Tomorrow NASA will be launching the Mars Science Laboratory (MSL) to begin an eight month journey to the red planet. Today we take a look at it’s predecessors the highly successful Mars Exploration Rovers.
Mars Exploration Rovers (MER)
Launched in 2003 the twin rovers Spirit and Opportunity were sent to explore the surface and geology of Mars. The two rovers were launching within a month of each other and used an airbag landing to arrive on the surface of Mars eight months later in early 2004.
Each rover was designed to operate for 90 sols (Sol is a day on Mars, which is almost 40m longer than a day on earth). The rovers far exceeded there designed life with Spirit finally giving up after ~2208 sols. Opportunity is still operational today over 2777 sols after arriving on the planet.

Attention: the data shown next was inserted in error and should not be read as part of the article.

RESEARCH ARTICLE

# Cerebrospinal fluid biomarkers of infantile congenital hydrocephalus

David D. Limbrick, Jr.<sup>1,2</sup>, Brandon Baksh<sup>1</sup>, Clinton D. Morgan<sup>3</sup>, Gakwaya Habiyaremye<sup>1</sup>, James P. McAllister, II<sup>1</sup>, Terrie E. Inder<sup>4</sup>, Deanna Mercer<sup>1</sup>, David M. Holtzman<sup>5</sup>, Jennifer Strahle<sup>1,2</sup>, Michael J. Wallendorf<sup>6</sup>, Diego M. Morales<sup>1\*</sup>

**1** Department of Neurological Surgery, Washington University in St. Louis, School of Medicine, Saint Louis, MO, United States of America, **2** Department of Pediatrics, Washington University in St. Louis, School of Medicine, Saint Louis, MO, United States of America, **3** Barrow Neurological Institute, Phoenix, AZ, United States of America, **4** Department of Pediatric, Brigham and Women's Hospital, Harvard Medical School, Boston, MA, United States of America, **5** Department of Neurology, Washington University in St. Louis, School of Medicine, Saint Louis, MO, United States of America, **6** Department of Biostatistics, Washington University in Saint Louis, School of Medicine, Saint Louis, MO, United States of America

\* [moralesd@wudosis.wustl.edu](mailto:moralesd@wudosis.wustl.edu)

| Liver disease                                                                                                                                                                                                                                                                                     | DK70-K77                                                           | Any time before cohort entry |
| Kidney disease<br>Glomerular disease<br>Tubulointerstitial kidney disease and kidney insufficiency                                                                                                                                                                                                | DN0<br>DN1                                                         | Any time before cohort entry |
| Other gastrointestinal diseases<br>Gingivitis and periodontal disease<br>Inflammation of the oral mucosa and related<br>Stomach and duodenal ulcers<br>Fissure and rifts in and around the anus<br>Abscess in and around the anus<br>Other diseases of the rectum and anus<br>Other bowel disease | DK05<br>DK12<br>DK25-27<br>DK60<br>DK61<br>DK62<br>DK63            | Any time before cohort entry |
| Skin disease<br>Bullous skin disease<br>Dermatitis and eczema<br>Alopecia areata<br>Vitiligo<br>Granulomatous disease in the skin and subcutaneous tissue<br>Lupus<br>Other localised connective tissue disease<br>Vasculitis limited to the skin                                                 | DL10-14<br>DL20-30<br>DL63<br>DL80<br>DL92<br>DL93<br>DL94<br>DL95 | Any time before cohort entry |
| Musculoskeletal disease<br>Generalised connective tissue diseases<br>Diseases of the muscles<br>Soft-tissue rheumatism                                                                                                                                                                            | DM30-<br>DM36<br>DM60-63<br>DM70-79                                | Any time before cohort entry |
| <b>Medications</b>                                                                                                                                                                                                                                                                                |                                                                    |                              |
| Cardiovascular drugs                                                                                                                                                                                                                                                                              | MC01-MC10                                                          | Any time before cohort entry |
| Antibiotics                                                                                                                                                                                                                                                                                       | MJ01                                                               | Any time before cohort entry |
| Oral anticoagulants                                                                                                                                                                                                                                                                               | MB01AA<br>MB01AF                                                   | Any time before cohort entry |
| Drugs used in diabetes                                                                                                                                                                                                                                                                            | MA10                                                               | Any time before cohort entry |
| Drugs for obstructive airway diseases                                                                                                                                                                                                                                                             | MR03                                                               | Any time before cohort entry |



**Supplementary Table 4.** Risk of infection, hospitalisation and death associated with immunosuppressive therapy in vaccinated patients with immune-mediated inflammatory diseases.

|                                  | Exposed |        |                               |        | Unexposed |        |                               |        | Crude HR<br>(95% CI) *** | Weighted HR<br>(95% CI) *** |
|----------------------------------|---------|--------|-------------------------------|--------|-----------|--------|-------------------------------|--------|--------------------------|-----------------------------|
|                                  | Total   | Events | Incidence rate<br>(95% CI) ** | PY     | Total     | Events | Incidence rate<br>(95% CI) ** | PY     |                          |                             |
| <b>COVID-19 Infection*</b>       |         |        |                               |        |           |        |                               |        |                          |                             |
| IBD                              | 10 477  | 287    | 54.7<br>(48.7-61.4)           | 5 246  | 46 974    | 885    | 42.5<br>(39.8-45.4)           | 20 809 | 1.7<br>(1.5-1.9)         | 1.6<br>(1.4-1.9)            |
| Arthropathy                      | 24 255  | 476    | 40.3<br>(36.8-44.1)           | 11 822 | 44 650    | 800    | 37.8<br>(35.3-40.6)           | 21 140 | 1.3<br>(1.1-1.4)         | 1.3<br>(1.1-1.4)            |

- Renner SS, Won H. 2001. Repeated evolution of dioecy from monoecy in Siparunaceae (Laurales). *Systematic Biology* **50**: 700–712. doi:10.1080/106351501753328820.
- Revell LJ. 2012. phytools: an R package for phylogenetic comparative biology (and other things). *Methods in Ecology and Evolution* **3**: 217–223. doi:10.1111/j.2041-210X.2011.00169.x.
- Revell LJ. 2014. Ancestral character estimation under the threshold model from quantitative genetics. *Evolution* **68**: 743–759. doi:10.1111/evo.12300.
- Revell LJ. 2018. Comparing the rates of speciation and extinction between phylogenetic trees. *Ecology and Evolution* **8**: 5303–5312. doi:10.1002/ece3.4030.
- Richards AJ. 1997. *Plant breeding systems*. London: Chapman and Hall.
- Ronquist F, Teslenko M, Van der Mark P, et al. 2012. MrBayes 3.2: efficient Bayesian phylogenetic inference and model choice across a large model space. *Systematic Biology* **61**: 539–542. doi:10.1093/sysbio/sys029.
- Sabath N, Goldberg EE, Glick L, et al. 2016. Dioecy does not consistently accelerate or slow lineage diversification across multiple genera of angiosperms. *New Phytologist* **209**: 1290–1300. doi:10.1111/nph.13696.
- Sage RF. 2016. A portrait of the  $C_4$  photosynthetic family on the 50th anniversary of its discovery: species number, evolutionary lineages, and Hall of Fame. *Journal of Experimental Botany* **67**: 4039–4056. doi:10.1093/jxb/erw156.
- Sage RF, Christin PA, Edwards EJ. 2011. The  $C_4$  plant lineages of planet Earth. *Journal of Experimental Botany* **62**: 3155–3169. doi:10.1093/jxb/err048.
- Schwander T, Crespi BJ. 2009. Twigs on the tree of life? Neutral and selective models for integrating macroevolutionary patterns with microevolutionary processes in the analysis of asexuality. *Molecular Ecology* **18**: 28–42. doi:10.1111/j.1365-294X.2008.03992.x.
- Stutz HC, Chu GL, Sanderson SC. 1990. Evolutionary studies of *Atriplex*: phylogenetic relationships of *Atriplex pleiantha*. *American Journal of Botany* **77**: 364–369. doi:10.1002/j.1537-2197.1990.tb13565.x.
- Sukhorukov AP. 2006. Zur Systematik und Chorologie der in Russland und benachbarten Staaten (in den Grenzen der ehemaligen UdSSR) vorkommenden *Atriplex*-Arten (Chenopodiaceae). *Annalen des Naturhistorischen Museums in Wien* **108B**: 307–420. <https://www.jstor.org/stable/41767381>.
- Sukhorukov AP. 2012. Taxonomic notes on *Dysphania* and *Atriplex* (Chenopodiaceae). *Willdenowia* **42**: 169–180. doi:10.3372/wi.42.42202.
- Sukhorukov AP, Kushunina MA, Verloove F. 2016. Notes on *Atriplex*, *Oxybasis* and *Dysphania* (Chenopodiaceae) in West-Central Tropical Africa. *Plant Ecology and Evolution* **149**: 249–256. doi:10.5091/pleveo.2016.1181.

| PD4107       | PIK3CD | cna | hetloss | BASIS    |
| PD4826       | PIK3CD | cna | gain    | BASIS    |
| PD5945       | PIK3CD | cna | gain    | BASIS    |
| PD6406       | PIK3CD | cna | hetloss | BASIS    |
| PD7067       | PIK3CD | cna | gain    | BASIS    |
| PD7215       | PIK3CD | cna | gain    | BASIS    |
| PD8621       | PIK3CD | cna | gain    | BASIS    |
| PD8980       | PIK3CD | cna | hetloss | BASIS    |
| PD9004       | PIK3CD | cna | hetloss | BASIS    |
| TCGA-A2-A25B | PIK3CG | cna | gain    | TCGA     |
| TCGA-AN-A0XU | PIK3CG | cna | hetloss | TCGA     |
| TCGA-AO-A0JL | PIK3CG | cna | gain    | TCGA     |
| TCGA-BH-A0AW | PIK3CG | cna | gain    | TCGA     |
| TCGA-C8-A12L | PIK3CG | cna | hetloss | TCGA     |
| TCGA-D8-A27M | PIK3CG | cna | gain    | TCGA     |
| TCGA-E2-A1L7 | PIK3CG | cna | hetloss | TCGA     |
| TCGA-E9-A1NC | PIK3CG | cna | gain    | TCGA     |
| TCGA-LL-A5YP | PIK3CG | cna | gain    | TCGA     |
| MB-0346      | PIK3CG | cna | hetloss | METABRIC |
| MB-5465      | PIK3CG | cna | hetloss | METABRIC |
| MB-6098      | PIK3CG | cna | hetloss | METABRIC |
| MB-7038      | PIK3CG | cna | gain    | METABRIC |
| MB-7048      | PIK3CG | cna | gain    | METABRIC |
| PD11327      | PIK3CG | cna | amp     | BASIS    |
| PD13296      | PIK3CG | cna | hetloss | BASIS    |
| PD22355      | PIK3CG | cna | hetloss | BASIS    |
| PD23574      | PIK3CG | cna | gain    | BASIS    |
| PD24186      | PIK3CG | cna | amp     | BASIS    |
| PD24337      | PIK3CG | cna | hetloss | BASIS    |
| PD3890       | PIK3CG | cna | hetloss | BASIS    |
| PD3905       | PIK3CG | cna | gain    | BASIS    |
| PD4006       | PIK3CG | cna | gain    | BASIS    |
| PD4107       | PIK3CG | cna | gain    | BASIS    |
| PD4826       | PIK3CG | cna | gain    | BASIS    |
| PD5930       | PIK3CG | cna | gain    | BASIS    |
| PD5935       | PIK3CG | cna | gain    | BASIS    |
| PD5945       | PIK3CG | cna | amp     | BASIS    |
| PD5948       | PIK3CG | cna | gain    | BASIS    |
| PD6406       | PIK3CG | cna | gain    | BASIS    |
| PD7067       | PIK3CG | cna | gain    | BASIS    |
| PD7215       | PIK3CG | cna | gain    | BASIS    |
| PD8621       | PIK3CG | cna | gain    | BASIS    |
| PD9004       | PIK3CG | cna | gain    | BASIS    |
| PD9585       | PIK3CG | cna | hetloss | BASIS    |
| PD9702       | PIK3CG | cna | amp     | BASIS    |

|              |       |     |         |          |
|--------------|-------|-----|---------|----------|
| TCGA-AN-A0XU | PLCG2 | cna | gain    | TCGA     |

The rovers have provided a wealth of information from the surface of Mars and have demonstrated that we can operate in distant environments for extended periods of time.
While the rovers have been active for a long time they certainly have had some luck along the way and have to rest during the winter months due to not having enough solar energy to charge the battery.
Several times during the mission NASA noticed that the power levels on the rovers suddenly increased having declined due to the buildup of dust on the solar panels. They determine later that these were because of wind gusts called dust devil’s that had hit the rover cleaning off the dust, this was confirmed in 2010 when Opportunity spotted a wind gust (dust devil).
Since arriving on the planet each of the rovers has sent back a large amount of pictures, including panoramic views of the environment around the rover. These images are available on NASA’s Mars Rover web site.
We don’t know how much longer Opportunity will operate for, soon it will enter it’s next winter hibernation period. However as long as it has power, is communicating and NASA has funding we can expect more from the amazing rover.